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VERMONT MARBLE CO. v. BALTIMORE CONTRS.

August 20, 1981

VERMONT MARBLE COMPANY, Plaintiff,
v.
BALTIMORE CONTRACTORS, INC., Defendant



The opinion of the court was delivered by: CORCORAN

This matter is before the Court on cross motions for summary judgment. Additionally the plaintiff, Vermont Marble Company, has moved for partial summary judgment on several underlying issues.

 The action arises out of the construction of an extension to the Everett McKinley Dirksen Senate Office Building on Capitol Hill. The defendant, Baltimore Contractors Inc. (BCI), was the prime contractor with the Architect of the Capitol (AOC or Architect) to perform "Phase IV" in the construction.

 The plaintiff, Vermont Marble Company (VMC) was a subcontractor to BCI. Its undertaking was to do the stonework facing on the building. Roughly 20 months after signing the subcontract, VMC abandoned the project asserting a right to rescind by reason of undue delays in the preparation of the site for the performance of its stonework.

 Shortly before formally rescinding, VMC filed this action seeking a declaration of its rights under the subcontract and asking monetary relief in the nature of quantum meruit for the work it had performed thereunder.

 A. Factual Background

 1. The Prime Contract Between the Architect and BCI

 In the summer of 1977 the Architect invited bids for "Phase IV" of the extension of the Dirksen Building. Phase IV involved the construction of the superstructure of the building. *fn1" BCI was awarded the contract and on October 28, 1977 was given "notice to proceed."

 Under its prime contract with the Architect, BCI agreed to certain "milestone" dates for completion of specified major steps of construction. The original milestones, measured from the October 28, 1977 notice to proceed, were as follows:

 
2. All concrete and fireproofing through first six floors: 440 days (January 10, 1979).
 
3. All concrete and ... through remaining floors and roof: 550 days (April 30, 1979).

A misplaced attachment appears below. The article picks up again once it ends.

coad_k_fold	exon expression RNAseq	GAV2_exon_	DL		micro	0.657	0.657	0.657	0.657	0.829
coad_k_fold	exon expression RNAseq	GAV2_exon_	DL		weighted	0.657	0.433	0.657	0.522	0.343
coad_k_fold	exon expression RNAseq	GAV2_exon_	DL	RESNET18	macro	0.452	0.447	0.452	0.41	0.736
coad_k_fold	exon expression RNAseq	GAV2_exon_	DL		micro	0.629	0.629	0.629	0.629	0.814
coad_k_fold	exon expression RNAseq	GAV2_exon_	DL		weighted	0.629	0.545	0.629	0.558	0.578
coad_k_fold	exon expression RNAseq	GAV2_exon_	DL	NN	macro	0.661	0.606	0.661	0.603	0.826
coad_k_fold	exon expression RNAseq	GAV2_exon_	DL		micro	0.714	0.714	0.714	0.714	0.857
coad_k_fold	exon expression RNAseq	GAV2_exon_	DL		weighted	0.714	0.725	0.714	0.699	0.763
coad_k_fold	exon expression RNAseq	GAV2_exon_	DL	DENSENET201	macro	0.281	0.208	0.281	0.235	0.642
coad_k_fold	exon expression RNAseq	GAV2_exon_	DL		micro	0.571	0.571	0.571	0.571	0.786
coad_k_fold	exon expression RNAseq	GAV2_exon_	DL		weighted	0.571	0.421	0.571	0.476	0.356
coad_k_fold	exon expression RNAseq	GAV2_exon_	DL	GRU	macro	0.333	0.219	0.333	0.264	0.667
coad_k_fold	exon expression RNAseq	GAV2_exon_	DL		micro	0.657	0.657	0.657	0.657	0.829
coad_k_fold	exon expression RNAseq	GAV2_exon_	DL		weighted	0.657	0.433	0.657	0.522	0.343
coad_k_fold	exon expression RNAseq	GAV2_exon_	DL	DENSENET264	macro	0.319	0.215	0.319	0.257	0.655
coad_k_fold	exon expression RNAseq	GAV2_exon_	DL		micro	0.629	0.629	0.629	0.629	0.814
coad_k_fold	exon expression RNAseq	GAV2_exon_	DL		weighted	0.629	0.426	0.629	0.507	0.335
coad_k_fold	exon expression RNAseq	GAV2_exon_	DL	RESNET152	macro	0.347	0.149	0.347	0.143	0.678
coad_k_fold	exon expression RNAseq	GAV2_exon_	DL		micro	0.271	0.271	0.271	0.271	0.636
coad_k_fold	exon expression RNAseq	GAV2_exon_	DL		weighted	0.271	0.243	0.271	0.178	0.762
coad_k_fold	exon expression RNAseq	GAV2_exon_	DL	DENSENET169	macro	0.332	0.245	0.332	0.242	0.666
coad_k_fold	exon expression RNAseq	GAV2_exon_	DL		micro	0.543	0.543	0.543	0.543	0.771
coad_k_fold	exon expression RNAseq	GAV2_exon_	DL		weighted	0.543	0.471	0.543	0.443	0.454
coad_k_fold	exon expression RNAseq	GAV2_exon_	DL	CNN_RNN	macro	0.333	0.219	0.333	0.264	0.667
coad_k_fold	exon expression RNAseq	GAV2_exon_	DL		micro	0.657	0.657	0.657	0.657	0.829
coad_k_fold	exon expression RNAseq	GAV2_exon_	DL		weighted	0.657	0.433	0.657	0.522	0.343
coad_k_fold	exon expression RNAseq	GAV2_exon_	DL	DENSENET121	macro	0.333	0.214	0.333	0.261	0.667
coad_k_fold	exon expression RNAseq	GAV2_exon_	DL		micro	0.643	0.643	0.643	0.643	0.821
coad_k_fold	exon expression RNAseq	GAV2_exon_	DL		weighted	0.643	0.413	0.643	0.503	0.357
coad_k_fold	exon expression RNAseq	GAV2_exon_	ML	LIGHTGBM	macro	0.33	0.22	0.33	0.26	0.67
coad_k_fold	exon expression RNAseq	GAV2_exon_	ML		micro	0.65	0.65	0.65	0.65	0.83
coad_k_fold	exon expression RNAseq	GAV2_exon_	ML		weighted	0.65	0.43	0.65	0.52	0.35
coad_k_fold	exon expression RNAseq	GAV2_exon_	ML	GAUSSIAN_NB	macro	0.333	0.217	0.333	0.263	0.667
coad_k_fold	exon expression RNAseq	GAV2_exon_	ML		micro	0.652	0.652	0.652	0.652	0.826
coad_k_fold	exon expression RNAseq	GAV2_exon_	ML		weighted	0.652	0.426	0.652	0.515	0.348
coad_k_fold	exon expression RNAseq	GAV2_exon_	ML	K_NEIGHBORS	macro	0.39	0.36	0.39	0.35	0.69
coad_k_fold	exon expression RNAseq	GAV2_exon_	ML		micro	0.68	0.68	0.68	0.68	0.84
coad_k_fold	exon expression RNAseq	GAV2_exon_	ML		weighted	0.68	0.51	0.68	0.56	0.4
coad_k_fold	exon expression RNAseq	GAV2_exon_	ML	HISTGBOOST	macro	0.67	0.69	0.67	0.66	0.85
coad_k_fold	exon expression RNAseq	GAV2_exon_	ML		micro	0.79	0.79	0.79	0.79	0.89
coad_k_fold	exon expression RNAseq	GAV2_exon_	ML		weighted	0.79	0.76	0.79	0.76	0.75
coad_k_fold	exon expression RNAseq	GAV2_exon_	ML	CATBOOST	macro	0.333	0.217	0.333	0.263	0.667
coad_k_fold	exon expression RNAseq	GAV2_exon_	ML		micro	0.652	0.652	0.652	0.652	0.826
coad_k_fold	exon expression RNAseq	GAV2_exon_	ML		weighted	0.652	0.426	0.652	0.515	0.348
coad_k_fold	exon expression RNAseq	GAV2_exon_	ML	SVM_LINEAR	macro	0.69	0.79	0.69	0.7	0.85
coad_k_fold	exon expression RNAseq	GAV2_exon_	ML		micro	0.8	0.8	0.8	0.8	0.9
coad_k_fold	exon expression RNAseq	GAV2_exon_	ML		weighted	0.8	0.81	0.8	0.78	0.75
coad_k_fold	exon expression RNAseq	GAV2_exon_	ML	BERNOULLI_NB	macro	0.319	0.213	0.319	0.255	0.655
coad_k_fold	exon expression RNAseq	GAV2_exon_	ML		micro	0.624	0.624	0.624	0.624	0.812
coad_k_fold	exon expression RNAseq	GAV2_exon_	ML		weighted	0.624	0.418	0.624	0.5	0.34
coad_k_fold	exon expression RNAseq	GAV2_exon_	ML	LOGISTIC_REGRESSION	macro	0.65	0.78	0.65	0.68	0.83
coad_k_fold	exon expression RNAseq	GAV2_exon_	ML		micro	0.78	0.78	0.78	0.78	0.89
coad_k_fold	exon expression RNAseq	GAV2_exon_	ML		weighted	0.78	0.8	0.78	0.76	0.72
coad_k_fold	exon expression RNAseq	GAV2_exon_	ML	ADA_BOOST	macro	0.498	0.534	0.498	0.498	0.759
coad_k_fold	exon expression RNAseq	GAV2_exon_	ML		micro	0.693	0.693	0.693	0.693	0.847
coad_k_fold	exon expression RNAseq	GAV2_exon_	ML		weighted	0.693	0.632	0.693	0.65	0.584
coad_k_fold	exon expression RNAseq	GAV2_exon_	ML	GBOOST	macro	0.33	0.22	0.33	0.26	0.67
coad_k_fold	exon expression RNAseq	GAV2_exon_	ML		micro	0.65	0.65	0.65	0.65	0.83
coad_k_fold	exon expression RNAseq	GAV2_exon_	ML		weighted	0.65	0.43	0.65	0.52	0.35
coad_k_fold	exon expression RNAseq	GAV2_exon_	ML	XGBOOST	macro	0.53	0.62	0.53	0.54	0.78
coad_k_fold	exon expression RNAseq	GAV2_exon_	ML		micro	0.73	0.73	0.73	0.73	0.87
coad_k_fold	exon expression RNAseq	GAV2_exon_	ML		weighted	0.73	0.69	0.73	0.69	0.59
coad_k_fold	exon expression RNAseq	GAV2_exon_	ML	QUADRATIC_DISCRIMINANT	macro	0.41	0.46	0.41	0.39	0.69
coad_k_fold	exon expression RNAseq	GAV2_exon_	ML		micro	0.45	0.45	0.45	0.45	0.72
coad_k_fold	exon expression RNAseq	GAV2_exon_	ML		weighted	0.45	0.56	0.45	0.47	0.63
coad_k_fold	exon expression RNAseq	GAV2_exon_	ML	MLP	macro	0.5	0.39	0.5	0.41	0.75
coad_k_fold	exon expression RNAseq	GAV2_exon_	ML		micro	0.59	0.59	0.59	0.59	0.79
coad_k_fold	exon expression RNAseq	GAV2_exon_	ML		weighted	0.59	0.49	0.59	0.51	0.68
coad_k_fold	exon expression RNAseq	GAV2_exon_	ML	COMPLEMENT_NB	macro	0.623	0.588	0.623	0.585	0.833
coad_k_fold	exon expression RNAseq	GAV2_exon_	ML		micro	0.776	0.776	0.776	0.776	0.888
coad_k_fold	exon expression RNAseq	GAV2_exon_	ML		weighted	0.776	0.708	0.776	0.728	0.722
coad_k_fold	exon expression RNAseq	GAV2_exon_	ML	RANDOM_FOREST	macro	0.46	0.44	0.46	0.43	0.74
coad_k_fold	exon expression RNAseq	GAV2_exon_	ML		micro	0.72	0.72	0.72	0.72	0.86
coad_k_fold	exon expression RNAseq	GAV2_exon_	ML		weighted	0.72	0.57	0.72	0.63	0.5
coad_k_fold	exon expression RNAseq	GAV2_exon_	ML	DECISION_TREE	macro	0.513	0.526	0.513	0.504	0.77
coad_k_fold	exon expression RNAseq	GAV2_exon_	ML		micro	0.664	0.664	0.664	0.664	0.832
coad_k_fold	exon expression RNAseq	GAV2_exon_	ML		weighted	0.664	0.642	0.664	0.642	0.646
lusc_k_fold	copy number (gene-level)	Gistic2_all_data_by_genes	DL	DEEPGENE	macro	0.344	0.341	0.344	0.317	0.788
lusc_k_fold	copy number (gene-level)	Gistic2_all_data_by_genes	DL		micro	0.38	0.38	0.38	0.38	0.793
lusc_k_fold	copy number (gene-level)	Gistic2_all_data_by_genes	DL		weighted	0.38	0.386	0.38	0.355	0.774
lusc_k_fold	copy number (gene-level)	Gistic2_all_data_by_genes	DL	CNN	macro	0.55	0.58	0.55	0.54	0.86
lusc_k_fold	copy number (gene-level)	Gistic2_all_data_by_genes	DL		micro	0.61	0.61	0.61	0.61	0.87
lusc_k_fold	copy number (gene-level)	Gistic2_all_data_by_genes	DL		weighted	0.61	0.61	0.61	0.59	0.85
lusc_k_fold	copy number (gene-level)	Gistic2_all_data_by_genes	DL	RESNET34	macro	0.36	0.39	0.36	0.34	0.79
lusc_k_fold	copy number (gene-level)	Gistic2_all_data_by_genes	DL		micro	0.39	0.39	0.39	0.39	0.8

4. Stone installation and masonry work through first six floors: 745 days (November 11, 1979).
 
5. Completion of all work: 900 days (April 14, 1980).

 2. The Subcontract Between BCI and VMC

 In August 1977, VMC sent a proposal to BCI for a subcontract to perform the stonework. BCI used the VMC bid in its bid for the prime contract. In December, 1977, BCI presented VMC with a counter proposal which consisted of BCI's standard form subcontract with 11 pages of attached "riders." Among the key elements of the Baltimore Contractors' proposal were the following:

 1. Article IV, stating in part, that "Subcontractor shall ... prosecute the work ... in prompt and diligent manner; and ... where necessary to expedite the performance thereof, the authorized representative of subcontractor shall take orders directly from the Superintendent of Contractor. Subcontractor shall do the several parts of the work at such times and in such order as Contractor may direct and shall proceed with and wholly finish the work in such time as not to delay Contractor or other subcontractors, and to insure completion of the Prime Contract within the time fixed therein; ... it being understood that time is of the essence of this Agreement."

 2. Article XIV, included a "no-damage-for-delay" clause, providing, inter alia : "Contractor shall have the right at any time to delay or suspend the commencement or execution of the whole or any part of the work without compensation or obligation to subcontractor other than to extend the time for ...


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